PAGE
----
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Vilken sträng var det som brast? En språklig och medicinsk diskussion med utgångspunkt från episoden med Teukros i Iliaden 8.321-334

Which string broke? A linguistic and medical discussion emanating from the episode of Teucer in the Iliad 8.321-334


  • Göran Benoni

Summary, in English

During the Trojan War, the Greek archer Teucer was hit by a stone on the collar-bone. His arm went numb, indicating a nerve injury. Through a linguistic and medical analysis, Homer’s anatomical knowledge is examined. The conclusion is that Homer’s concept of anatomy was mainly founded on an empirical and functional knowledge, to a lesser degree on systematic knowledge. The paper offers an explanation to Homer’s consistent use of the word τένων (tendon) in either dualis or plural, never in singular. Furthermore, different translations of this episode into English and Swedish are discussed. Some translators state that the bow-string broke, others that a tendon in Teucer’s shoulder was crushed. One finding is that the translation of the words νευρή, ἡ, νεῦρον, τό and τένων, ὁ are in some instances imprecise and contradictory in Greek-English dictionaries.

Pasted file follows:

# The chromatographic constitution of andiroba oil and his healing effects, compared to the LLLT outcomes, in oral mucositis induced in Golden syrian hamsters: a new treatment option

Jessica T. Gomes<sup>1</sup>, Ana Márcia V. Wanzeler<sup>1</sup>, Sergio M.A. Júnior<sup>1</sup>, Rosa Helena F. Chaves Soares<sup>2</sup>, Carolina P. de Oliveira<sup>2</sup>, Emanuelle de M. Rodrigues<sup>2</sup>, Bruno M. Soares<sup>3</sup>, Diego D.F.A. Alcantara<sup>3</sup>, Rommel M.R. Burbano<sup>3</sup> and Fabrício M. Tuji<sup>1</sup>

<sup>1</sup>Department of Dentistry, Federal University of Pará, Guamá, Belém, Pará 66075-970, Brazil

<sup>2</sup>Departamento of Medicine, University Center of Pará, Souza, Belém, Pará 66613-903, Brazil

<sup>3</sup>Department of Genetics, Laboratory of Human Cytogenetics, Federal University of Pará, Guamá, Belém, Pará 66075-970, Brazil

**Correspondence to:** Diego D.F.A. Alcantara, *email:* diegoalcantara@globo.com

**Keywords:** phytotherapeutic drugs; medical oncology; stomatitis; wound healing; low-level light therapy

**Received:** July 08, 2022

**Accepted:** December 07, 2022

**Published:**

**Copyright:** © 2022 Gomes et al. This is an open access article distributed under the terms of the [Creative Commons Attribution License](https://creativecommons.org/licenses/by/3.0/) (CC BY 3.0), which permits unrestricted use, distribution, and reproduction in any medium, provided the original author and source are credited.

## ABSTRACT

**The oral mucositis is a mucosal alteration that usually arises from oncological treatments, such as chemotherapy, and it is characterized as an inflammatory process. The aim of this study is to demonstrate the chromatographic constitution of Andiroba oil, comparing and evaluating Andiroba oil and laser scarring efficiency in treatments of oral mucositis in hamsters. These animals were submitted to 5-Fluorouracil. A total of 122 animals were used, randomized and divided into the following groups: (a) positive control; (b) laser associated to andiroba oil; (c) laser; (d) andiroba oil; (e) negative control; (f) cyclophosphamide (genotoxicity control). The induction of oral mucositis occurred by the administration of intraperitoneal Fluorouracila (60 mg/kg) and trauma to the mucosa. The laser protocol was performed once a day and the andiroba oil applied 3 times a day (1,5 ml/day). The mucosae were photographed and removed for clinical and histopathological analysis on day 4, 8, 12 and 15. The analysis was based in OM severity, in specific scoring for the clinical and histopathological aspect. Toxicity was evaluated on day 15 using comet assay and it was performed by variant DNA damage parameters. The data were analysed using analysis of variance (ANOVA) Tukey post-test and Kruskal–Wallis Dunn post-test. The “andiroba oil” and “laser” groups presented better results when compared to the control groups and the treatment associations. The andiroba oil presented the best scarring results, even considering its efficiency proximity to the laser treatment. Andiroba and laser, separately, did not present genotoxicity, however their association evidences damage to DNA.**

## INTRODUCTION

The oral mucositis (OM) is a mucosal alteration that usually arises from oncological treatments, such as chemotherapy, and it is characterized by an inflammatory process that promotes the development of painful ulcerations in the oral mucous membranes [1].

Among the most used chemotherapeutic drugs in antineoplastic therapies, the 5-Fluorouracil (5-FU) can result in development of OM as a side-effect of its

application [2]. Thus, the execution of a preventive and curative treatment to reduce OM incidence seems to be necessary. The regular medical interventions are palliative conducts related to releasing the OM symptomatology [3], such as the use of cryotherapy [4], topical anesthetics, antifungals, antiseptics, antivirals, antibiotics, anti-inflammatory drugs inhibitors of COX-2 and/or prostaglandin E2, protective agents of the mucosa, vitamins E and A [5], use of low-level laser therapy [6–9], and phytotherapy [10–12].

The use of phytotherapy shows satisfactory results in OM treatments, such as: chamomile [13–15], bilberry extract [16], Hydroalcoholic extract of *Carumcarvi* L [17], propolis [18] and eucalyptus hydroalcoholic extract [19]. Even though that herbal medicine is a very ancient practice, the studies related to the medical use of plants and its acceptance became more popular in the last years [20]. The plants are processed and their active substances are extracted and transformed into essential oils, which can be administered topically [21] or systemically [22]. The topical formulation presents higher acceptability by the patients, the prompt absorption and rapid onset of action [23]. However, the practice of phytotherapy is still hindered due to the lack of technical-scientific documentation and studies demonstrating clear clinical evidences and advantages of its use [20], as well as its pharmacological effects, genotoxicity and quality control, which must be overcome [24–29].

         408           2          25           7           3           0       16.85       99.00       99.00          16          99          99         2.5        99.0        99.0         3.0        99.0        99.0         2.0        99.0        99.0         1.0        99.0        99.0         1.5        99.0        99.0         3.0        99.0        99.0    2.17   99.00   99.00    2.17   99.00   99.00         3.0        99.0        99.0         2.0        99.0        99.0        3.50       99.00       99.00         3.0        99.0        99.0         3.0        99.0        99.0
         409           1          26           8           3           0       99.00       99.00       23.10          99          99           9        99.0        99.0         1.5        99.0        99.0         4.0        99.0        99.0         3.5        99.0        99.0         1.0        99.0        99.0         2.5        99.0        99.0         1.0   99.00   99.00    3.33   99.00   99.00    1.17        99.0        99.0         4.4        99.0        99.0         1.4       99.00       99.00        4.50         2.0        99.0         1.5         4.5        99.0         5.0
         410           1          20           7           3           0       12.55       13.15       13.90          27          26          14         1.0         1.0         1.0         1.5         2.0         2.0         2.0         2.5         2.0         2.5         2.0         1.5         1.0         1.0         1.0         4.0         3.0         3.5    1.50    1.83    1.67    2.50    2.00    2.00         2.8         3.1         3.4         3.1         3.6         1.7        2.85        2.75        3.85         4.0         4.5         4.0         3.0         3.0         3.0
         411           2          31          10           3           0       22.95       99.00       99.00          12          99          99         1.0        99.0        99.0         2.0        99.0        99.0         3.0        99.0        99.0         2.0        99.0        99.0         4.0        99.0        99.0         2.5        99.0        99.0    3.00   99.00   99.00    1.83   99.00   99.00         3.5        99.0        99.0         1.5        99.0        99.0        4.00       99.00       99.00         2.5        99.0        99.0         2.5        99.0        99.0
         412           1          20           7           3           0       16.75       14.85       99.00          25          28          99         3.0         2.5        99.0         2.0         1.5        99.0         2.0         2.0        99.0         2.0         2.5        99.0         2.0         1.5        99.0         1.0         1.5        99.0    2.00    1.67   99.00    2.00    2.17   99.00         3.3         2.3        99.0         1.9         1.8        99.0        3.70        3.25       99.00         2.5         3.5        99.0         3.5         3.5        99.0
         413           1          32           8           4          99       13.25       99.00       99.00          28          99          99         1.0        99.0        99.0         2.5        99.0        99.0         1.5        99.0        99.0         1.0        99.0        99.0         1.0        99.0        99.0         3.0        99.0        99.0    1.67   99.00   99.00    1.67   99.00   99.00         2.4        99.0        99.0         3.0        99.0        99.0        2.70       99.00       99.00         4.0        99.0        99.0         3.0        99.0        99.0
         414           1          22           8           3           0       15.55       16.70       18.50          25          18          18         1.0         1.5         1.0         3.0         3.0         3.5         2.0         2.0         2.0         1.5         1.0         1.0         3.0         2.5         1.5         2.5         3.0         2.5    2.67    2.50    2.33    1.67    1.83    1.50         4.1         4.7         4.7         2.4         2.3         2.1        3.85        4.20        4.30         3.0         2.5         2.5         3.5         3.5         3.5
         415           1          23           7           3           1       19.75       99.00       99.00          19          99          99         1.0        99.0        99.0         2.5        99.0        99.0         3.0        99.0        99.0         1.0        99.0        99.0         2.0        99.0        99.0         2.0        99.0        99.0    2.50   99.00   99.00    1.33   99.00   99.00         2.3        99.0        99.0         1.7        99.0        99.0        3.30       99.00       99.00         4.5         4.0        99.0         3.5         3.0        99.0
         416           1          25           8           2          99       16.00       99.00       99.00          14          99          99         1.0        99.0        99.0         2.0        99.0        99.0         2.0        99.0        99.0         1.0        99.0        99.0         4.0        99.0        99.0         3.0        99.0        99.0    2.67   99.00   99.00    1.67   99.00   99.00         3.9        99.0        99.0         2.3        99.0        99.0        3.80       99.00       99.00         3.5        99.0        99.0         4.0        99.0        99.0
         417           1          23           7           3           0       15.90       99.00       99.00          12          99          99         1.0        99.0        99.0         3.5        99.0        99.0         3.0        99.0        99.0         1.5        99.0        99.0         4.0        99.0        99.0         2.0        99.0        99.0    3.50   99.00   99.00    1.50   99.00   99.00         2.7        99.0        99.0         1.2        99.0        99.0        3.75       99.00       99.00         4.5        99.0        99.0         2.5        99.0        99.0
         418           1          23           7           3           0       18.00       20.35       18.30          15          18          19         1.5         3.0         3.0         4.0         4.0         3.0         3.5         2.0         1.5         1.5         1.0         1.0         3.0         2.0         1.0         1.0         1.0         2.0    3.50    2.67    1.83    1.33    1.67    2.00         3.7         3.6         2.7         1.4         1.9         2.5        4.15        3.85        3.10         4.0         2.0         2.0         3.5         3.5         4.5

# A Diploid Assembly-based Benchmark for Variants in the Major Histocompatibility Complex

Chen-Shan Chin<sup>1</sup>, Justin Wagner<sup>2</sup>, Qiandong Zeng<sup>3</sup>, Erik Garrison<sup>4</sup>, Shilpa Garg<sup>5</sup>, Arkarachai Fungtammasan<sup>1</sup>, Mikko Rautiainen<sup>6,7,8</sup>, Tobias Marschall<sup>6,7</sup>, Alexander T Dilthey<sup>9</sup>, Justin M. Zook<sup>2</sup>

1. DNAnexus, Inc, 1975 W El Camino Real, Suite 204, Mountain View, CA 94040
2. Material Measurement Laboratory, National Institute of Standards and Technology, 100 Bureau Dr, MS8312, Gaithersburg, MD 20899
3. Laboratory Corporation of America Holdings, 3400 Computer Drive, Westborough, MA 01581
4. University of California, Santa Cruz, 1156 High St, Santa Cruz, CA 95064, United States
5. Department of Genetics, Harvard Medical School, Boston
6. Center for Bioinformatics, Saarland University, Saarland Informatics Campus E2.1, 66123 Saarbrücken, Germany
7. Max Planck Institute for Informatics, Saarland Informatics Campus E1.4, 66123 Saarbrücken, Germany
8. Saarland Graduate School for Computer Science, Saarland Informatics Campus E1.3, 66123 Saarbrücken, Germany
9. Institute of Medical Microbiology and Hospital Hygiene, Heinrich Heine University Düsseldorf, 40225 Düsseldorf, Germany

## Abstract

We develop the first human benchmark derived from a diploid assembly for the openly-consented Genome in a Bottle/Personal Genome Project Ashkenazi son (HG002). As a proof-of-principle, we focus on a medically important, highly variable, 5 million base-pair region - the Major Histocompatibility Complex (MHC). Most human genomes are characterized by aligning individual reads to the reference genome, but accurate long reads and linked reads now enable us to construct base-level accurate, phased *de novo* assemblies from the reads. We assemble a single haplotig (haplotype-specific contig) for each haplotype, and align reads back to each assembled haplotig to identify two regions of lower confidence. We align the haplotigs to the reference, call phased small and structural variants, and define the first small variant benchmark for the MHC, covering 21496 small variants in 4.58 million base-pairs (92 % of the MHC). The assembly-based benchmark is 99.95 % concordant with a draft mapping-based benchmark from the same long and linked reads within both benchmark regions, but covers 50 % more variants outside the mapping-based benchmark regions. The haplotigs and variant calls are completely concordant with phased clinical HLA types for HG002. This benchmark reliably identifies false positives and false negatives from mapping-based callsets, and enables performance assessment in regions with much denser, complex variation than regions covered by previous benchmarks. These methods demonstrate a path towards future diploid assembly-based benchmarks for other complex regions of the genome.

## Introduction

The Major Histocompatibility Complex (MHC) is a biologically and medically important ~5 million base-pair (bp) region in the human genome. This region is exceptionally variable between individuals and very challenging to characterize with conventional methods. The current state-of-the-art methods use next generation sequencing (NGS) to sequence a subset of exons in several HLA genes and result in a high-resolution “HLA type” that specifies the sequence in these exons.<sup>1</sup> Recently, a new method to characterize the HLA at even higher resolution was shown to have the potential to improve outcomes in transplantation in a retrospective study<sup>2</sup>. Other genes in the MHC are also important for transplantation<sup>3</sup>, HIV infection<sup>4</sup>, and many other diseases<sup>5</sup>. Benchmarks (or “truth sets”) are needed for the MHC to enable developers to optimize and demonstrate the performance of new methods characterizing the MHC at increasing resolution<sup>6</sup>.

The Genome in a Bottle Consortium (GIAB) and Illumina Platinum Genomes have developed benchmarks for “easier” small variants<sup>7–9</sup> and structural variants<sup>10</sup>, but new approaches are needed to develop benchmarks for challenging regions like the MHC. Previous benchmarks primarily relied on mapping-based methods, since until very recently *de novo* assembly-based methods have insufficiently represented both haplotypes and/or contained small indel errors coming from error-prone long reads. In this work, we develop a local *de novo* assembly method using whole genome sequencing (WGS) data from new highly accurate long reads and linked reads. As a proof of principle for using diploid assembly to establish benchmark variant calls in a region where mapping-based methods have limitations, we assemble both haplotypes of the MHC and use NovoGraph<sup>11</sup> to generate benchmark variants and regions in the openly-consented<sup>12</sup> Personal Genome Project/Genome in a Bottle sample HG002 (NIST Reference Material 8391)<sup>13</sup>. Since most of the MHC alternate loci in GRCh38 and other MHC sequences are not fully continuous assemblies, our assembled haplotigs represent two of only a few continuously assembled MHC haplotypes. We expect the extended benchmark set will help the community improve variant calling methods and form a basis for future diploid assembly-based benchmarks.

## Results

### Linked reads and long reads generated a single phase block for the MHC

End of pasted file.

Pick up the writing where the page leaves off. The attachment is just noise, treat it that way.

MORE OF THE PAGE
The analysis suggests that the correct tenor of the word νευρήν (string) in the Teucer episode is similar to the Egyptian word "met" meaning string-formed structures such as tendons, vessels, possibly nerves.

Publishing year




Document type

Student publication for Bachelor's degree


  • Languages and Literatures


  • Iliaden
  • Homeros
  • anatomi
  • bågsträng
  • sena
  • nerv
  • egyptiskt inflytande
  • Iliad
  • Homer
  • anatomy
  • bow-string
  • tendon
  • nerve
  • Egyptian influence


  • Karin Blomqvist (Professor)